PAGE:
[00:25:50] Jonathan Wold: Yeah.

[00:25:50] Nathan Wrigley: It kind of feels like the two go hand in hand, if there’s hosting company X over there, who’s acquired all the things. And you’ve got a rival of one of their things. Fighting their marketing machine is gonna difficult.

[00:26:00] Jonathan Wold: It’s gonna be difficult.

[00:26:01] Nathan Wrigley: So need a partner that can help you get through that. Yeah,

[00:26:04] Jonathan Wold: Put one way the downside of too much consolidation is that you risk losing the innovation and the market is way more than big enough for new players to be coming in. There’s lots of sub ecosystems. I think in general, folks just need more help navigating and, as long as we keep seeing new folks come in, we’re gonna be just fine.

[00:26:23] Nathan Wrigley: Very last question and a curious little bit of a curve ball. You were talking about the market. The watch word there seems to be growth, growth, growth, the market’s growing. And yet very interestingly over the last month or so we had some sort of interesting data. This first data point where the market just took a tiny little bit of a dive, not 0.2% or something like that. Any thoughts in your head that the curve is beginning to go in the other way? The seesaw has finally tipped.

[00:26:44] Jonathan Wold: We have different sources of data.

[00:26:45] Nathan Wrigley: That’s right.

[00:26:45] Jonathan Wold: So there’s a whole discussion first about you know, what’s our basis for data. I think we could have an interesting discussion if we felt confident that that was the case. I’m working with, um, the HTTP archive on the Web Almanac project this year. And we’re about to have a new set of data in the next month or so. No particular thoughts. I think, sometimes we overreact. While I am an optimist, we will hit a point at some point.

I’m much more interested right now in focusing on like for that big swath of market we already have, how can we serve them better?

Because that’s really where the growth is gonna come from. Is how do we help more people have success in WordPress? Because in general, there’s a lot of frustration, like lots of success, lots of things that are going well. When it’s not working though, where are people going? And they’re tending to go to the proprietary platforms. Which is fine, but at the end of the day, if we want a healthy open web, we need a healthy WordPress ecosystem. And there’s still plenty of work to do, regardless of what the numbers are saying.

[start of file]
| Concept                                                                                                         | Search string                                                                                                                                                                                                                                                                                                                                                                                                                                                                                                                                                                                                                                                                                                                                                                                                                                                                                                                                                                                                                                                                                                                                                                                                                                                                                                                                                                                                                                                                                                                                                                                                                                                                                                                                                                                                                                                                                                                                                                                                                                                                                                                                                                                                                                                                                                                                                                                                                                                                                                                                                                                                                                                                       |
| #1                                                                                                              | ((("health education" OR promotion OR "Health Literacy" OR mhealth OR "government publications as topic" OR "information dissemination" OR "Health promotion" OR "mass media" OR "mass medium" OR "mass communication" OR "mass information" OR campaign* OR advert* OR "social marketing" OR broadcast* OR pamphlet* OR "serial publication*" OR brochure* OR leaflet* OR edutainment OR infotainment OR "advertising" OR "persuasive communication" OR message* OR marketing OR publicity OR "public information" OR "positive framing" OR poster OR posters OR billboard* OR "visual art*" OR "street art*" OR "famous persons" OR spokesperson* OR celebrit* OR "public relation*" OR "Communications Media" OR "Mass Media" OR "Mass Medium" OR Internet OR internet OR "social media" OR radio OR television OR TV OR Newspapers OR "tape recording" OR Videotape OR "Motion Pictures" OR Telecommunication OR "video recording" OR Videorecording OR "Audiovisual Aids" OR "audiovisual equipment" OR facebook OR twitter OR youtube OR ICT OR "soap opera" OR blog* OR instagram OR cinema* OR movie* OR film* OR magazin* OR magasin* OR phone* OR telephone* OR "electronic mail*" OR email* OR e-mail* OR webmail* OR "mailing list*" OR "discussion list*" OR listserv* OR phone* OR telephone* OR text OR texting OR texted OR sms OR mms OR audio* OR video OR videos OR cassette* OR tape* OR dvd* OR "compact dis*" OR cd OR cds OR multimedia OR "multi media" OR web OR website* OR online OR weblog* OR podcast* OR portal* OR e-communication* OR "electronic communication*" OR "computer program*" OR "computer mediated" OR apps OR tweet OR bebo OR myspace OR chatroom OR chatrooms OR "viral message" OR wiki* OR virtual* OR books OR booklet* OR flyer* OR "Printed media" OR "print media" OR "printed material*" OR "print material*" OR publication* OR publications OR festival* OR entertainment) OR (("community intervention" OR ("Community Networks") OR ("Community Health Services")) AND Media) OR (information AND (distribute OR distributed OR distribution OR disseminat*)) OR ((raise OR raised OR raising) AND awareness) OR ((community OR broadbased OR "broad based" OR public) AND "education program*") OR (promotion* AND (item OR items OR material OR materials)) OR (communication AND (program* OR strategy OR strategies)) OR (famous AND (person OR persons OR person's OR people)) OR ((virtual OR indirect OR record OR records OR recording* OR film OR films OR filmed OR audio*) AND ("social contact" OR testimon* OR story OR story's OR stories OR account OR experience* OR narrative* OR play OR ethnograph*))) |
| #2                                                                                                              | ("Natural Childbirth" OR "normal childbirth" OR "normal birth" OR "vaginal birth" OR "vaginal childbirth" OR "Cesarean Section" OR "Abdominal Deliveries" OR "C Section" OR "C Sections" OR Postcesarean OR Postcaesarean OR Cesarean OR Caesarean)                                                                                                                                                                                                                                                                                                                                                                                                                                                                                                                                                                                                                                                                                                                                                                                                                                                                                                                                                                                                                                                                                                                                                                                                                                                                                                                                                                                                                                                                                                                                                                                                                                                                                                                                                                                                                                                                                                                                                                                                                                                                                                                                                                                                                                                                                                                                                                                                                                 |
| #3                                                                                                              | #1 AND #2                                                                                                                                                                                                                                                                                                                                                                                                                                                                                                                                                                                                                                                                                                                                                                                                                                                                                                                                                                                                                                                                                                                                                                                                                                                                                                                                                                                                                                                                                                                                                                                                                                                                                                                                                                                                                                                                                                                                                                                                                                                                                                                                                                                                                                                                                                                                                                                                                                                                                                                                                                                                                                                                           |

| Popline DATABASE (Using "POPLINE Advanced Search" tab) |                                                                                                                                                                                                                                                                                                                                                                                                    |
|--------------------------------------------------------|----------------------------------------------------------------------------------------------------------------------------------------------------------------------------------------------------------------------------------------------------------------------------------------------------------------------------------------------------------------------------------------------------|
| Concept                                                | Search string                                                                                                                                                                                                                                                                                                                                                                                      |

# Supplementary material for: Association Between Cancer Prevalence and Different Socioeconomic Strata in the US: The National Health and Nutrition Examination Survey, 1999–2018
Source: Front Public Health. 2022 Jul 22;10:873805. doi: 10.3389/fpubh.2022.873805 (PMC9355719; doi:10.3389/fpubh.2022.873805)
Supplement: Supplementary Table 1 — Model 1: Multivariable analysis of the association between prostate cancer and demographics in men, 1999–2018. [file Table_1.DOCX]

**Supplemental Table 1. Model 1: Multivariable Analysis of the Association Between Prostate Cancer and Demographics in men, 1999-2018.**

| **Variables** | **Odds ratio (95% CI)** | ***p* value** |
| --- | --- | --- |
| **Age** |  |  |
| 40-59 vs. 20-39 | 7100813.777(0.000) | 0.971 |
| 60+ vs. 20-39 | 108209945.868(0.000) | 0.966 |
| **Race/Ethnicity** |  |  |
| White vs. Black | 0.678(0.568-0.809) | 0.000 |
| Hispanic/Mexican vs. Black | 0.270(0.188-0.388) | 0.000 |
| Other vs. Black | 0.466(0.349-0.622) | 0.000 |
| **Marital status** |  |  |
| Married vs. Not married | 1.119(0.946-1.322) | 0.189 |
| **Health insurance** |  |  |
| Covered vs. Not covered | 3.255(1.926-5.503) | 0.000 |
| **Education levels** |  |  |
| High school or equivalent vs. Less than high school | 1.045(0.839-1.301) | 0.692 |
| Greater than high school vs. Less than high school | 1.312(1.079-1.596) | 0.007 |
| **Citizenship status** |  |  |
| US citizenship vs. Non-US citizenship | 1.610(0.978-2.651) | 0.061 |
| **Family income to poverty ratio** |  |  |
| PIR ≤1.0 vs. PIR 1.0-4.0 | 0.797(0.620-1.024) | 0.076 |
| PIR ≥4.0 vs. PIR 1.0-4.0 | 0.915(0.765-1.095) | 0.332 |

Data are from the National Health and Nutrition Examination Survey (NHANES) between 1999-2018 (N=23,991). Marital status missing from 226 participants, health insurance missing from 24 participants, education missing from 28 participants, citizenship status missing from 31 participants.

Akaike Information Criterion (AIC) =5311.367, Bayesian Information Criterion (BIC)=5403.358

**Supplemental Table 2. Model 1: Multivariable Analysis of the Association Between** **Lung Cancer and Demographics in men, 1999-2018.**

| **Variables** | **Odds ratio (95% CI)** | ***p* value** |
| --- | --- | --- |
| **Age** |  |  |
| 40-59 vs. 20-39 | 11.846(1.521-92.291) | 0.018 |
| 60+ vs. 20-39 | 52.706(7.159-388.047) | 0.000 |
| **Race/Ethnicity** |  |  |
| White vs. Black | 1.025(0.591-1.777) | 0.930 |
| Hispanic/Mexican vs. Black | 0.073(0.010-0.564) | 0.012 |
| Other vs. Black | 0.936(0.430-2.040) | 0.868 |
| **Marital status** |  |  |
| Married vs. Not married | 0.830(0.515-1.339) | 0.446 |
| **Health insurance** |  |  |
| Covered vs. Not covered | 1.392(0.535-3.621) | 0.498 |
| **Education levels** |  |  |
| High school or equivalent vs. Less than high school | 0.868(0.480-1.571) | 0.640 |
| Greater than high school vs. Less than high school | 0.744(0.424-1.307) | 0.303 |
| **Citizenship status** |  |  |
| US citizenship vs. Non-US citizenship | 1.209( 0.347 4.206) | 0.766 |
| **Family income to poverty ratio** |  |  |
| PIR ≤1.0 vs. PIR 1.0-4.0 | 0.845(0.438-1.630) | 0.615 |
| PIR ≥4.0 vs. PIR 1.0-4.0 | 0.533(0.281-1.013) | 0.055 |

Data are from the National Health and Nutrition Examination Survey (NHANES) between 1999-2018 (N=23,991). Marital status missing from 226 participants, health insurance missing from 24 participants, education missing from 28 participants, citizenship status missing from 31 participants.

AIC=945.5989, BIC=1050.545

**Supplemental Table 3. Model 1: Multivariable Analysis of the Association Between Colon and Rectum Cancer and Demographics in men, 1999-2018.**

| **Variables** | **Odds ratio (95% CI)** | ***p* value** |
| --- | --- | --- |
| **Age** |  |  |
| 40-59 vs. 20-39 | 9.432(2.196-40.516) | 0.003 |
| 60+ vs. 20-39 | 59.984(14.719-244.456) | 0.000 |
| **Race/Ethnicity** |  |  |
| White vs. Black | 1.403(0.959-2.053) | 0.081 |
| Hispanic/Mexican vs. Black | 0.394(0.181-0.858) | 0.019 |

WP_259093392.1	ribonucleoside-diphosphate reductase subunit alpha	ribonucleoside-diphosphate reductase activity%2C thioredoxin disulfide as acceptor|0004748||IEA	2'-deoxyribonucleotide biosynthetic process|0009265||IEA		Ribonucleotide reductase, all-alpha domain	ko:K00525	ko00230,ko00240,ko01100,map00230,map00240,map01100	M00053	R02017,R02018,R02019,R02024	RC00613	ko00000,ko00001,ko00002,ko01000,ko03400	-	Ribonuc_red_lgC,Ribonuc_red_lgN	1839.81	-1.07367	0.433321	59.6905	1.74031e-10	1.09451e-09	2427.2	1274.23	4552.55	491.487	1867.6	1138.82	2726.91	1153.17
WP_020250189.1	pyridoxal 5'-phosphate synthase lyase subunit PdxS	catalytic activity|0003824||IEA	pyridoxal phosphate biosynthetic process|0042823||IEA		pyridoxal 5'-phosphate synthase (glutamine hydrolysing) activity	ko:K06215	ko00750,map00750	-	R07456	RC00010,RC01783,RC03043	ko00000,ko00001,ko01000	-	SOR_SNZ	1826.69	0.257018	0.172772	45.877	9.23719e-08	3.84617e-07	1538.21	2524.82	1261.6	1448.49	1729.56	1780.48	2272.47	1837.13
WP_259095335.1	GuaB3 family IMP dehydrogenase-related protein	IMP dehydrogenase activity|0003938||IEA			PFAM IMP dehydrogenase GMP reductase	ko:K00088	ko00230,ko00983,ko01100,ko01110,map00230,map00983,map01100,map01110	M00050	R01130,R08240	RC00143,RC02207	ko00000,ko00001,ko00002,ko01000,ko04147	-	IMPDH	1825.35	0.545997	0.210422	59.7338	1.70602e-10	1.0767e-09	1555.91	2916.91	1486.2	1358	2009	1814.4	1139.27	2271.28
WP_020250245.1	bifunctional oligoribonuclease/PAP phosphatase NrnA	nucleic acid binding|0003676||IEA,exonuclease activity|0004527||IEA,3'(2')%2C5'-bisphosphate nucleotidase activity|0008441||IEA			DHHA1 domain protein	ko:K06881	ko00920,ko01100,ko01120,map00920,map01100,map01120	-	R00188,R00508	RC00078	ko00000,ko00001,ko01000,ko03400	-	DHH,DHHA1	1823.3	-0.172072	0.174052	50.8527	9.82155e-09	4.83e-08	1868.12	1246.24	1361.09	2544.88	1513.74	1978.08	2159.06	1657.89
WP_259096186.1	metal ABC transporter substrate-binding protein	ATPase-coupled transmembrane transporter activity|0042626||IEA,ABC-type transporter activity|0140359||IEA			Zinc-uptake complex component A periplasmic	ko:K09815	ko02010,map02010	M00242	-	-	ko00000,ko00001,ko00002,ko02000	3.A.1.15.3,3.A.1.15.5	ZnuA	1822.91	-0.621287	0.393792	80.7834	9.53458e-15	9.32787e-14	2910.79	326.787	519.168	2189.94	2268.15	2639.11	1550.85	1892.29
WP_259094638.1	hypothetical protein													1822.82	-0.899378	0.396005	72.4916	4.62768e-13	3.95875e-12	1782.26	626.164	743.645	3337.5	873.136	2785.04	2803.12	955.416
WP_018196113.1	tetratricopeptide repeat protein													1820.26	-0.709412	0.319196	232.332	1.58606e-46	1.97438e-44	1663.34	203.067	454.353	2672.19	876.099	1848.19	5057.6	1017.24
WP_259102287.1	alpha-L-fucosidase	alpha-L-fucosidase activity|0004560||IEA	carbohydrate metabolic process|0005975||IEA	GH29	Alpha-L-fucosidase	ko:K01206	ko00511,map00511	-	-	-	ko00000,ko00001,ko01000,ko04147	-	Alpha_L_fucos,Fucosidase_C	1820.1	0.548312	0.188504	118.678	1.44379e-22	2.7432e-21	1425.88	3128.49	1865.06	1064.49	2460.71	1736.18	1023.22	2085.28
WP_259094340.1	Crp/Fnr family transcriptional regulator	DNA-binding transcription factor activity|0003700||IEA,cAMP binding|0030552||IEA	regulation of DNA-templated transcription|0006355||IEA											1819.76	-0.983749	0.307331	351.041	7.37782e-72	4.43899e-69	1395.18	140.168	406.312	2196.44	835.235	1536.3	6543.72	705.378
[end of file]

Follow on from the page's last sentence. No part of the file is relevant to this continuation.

[00:27:41] Nathan Wrigley: Jonathan Wold. Thank you very much for talking to me today.

[00:27:44] Jonathan Wold: Thanks for having me.

by Nathan Wrigley at August 03, 2022 02:00 PM under podcast

HeroPress: Life At The End Of Your Comfort Zone

Pull Quote: WordPress is big enough for everyone to thrive.

It is often said that life, adventure, challenge, growth, etc, begins at the end of your comfort zone. Like all much-abused aphorisms, that is both true and not. Yes, growth comes from outside your comfort zone, but then your comfort zone just becomes bigger.

Before I get ahead of myself though, I should introduce myself. Hi, my name is Akshat, and I am the founder of BlogVault, MalCare, WP Remote, MigrateGuru and AirLift. I have spent 12 years on a rollercoaster WordPress journey, building these solutions for high performance WordPress sites.

Today, I am going to tell you about my comfort zone. If you are wondering what WordPress has to do with my comfort zone, you’re about to find out.

But first, a little context

In the pre-BlogVault world, I was working at Citrix, doing kernel hacking for a product called NetScaler. This is as far removed from WordPress as you can possibly imagine. I was about to discover my new path rather abruptly.

One fine day, The Coding Horror blog crashed. In case you are unfamiliar with this stalwart of the programming world, it is Jeff Atwood’s blog. Jeff Atwood is the founder of StackOverflow, another keystone of the programming community. If Jeff Atwood’s blog didn’t have backups, I thought, what about the legions of sites out there?

Thus, BlogVault was born; its siblings mentioned above soon to follow.

Stage 1: Products for problems

When I created BlogVault, I wasn’t thinking about building for people. I saw a problem that I could fix, and created a solution for it. In fact, I understood so little about how people purchase products that every time someone bought a subscription, I thought it was a miracle.